To commemorate the International Day of Peace on the 21st of September, HH Pujya Swami Chidanand Saraswatiji discusses the true meaning of peace and ways through which it can be achieved
To truly work and plan for peace, we have to want it. This is not as easy or as obvious as it may sound. I believe that 100 per cent of the people in the world would say they want peace. Yet, ironically, our world is being violently battered.
How can we all want peace and yet perpetrate war? The answer is that we want peace, but only if it comes in the specific ‘peace-package’ that we deem appropriate. We do not want peace at all costs. To bring peace in the world, we have to be prepared to put peace first and our desires second. This does not mean that we have to calmly stand aside while nations invade and destroy us and our families and properties. It does mean, though, that we will not invade others, regardless of how much we want something they possess. Really wanting peace means that we have to be willing to sacrifice for the greater good.
One of the mistakes we make in the peace-building process is when we speak about ‘tolerating’ differences. However, implicit in the very word ‘tolerance’ is the underlying assumption that we do not approve of that which we are tolerating. Tolerance implies bearing something unpleasant.
Rather than tolerance, we should cultivate acceptance of differences. Let us not begin the peace-building process on a foundation of negativity. Let us switch from talk of tolerance to talk of acceptance. Let us lay a positive foundation of mutual respect and acceptance. Let us work to truly accept each other, despite differences in culture and creed, rather than simply tolerate each other.
Another tragic flaw in the current peace-building processes is the inherent sense of ‘us’ versus ‘them.’ We believe that we are working for ‘good’ and ‘right.’ No one who picks up a gun or a grenade or fires a missile believes that he is in the wrong. Each believes God is on his side. We are so focussed on the differences between our cultures, nations, and religions that we forget we are all brothers and sisters on this Earth. The similarities between us far outweigh the differences, regardless of how deep or wide the chasm between us may appear.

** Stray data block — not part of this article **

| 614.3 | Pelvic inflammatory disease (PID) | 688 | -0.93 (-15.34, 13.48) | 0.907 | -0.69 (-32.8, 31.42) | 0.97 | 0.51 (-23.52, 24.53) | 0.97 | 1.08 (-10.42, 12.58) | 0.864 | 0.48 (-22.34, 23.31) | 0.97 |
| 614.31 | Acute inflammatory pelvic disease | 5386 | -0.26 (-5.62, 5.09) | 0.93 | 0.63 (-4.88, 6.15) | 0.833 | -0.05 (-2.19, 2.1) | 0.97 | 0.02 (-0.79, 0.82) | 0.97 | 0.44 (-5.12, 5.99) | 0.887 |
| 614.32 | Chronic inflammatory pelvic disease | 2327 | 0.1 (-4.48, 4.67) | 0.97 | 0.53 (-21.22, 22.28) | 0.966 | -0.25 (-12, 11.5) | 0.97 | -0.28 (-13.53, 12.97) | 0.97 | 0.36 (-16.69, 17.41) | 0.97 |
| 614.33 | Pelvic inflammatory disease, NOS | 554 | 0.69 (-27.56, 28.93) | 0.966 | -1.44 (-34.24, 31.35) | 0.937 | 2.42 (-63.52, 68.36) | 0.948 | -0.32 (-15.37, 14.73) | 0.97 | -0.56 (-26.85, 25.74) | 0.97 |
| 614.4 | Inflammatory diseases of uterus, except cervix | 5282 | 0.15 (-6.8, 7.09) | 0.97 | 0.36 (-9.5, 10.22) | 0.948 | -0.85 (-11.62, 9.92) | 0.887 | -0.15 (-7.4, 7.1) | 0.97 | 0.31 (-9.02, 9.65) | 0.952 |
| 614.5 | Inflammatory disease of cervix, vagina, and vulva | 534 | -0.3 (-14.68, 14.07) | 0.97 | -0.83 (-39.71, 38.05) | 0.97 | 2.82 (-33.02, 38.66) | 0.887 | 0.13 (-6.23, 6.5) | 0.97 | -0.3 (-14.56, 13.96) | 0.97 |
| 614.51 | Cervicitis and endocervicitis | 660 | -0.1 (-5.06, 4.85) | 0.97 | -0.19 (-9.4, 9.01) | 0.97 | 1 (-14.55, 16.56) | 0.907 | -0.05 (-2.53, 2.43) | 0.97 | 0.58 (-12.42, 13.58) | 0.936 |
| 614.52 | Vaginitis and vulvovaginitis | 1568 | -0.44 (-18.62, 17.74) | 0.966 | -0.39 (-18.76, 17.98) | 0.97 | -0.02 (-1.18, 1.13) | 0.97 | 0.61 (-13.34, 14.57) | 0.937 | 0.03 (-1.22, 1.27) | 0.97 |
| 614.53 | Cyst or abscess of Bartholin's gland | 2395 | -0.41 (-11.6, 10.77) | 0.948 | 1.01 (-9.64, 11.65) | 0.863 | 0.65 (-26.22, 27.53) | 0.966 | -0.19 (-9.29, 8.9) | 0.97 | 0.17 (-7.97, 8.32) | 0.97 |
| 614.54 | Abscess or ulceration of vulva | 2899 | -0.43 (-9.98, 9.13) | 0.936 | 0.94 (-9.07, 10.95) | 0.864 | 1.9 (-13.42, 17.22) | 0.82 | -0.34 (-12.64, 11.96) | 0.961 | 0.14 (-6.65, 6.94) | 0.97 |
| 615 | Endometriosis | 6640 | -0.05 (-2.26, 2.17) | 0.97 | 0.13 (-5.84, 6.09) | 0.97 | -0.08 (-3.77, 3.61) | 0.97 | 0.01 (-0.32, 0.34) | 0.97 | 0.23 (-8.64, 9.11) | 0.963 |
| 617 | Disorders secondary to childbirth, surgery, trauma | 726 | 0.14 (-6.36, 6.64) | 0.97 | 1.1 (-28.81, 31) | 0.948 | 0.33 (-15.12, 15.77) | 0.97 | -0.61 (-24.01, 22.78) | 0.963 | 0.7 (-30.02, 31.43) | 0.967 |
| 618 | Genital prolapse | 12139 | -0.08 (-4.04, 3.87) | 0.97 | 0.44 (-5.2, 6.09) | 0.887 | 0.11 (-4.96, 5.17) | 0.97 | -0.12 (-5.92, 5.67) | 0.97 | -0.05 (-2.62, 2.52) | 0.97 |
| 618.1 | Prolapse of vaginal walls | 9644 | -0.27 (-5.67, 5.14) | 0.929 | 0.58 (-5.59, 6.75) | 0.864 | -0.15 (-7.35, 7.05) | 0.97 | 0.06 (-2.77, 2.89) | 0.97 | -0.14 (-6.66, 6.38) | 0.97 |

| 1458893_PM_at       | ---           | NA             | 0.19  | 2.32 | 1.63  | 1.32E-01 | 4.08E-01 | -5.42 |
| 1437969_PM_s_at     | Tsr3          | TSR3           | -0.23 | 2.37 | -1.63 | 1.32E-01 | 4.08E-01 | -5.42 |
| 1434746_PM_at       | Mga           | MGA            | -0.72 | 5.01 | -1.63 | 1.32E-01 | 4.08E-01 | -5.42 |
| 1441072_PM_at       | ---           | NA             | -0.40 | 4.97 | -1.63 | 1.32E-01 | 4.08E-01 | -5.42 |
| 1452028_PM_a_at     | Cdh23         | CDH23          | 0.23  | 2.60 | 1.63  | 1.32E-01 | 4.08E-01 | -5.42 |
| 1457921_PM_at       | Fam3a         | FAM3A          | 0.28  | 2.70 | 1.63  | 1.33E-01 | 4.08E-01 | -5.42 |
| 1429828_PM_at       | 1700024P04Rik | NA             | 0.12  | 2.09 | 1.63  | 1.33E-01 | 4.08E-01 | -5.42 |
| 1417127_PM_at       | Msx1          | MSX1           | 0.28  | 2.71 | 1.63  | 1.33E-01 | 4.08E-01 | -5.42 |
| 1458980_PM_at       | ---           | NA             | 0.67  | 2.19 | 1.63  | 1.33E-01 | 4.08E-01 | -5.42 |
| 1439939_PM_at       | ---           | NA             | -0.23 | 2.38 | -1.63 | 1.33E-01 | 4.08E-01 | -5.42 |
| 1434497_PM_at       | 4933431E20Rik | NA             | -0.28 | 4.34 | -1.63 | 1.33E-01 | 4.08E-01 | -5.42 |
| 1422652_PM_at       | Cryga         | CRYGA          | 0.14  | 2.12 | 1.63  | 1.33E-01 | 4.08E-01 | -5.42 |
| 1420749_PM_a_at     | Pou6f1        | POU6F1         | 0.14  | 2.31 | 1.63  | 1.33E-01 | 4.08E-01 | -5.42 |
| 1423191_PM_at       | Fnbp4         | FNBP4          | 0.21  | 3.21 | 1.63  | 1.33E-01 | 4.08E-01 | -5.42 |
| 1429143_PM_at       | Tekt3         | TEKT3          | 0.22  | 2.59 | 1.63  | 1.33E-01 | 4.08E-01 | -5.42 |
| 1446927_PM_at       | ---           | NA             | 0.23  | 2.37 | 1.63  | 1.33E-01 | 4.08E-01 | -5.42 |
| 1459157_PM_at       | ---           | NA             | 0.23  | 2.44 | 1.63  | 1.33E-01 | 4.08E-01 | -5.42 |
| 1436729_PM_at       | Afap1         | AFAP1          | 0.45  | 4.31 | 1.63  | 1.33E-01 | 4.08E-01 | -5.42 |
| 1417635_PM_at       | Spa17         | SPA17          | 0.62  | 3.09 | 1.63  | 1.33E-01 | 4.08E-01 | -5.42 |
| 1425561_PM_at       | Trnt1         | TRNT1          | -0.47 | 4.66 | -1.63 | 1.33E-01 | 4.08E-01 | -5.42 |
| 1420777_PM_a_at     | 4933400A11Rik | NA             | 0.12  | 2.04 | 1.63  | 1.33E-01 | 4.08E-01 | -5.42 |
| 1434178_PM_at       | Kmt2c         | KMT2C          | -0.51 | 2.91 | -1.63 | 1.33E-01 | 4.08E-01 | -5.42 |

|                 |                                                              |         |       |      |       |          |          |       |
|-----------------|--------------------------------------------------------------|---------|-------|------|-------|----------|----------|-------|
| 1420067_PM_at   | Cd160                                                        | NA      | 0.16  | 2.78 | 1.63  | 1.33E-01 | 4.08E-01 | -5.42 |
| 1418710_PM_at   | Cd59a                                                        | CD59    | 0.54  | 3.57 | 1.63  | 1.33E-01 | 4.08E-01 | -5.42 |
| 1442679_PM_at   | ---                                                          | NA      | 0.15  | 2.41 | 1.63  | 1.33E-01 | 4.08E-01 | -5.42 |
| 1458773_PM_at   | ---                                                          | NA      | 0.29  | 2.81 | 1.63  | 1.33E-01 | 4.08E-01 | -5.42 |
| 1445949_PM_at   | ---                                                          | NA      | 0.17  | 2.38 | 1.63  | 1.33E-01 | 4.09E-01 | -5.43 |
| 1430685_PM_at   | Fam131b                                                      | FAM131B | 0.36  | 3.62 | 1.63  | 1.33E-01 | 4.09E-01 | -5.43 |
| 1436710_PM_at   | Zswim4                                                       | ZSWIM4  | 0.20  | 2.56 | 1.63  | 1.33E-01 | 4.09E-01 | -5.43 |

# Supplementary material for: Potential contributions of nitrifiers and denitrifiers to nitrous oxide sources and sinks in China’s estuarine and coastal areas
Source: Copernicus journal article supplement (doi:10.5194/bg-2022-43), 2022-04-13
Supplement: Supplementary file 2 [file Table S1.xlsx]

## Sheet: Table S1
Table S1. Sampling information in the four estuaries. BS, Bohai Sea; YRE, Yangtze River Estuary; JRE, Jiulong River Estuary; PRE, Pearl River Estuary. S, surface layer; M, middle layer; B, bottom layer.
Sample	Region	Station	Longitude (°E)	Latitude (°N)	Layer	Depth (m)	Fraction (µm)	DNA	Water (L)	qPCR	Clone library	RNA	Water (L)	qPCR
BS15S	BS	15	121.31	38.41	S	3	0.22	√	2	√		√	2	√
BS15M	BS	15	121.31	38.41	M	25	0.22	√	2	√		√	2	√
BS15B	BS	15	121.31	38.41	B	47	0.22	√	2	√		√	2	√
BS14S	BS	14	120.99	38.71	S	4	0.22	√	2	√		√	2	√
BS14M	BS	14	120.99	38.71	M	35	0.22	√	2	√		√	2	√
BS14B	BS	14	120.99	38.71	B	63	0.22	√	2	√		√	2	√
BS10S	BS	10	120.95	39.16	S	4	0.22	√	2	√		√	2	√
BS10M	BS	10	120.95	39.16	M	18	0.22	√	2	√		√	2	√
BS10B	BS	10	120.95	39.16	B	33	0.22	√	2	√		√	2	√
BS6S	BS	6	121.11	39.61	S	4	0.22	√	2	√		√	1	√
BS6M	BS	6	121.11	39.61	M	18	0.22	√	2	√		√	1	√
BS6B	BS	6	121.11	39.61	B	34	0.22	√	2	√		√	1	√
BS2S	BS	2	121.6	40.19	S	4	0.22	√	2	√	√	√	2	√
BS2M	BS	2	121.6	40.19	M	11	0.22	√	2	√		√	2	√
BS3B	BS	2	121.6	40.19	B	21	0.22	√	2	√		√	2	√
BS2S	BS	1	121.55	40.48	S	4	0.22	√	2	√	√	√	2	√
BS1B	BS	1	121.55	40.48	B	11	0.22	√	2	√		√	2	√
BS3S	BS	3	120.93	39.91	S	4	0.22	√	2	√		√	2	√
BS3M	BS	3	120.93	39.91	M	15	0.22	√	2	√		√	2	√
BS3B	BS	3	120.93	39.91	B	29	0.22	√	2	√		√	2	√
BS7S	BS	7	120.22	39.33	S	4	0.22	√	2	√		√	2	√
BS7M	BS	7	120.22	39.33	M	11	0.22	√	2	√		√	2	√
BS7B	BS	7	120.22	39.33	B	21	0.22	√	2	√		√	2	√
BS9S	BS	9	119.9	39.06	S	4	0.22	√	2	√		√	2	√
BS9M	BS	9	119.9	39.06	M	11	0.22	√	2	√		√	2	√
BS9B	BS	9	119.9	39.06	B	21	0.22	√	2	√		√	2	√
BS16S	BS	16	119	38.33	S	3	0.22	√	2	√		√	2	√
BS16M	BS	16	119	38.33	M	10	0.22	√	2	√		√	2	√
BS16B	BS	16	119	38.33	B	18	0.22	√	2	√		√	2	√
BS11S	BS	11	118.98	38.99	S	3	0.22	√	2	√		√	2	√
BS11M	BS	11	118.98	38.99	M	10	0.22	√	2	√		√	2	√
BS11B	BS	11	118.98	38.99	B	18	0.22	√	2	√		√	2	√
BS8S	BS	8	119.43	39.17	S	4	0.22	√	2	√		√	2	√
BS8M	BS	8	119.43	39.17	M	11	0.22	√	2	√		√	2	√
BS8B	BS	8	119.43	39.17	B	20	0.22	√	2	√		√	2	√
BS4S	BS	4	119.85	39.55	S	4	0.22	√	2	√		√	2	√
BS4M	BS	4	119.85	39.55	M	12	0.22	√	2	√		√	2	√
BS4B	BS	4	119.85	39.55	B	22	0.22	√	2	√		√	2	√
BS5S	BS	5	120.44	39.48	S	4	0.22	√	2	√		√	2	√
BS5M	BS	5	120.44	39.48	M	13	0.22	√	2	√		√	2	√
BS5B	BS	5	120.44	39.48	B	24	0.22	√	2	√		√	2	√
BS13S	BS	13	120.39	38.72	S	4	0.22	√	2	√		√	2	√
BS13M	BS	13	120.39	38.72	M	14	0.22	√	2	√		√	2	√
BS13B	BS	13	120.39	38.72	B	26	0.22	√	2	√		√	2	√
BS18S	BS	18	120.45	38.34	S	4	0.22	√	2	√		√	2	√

Therefore, the goal of peacebuilding is not to ascertain who is right and who is wrong, or who is the holy one and who is the infidel. Rather, it is to break the boundaries that separate us and to work for solutions that address our basic human needs and aspirations.
The goal is to realise that every side in a war is ‘our side’ and that every bombed building is ‘our home.’ When we can truly cultivate this feeling of oneness in our heart, then and only then can we really begin working for lasting, unshakable peace in the world.
Swami Chidanand Saraswati is the president and spiritual head of the Parmarth Niketan Ashram, a spiritual institution based in Rishikesh.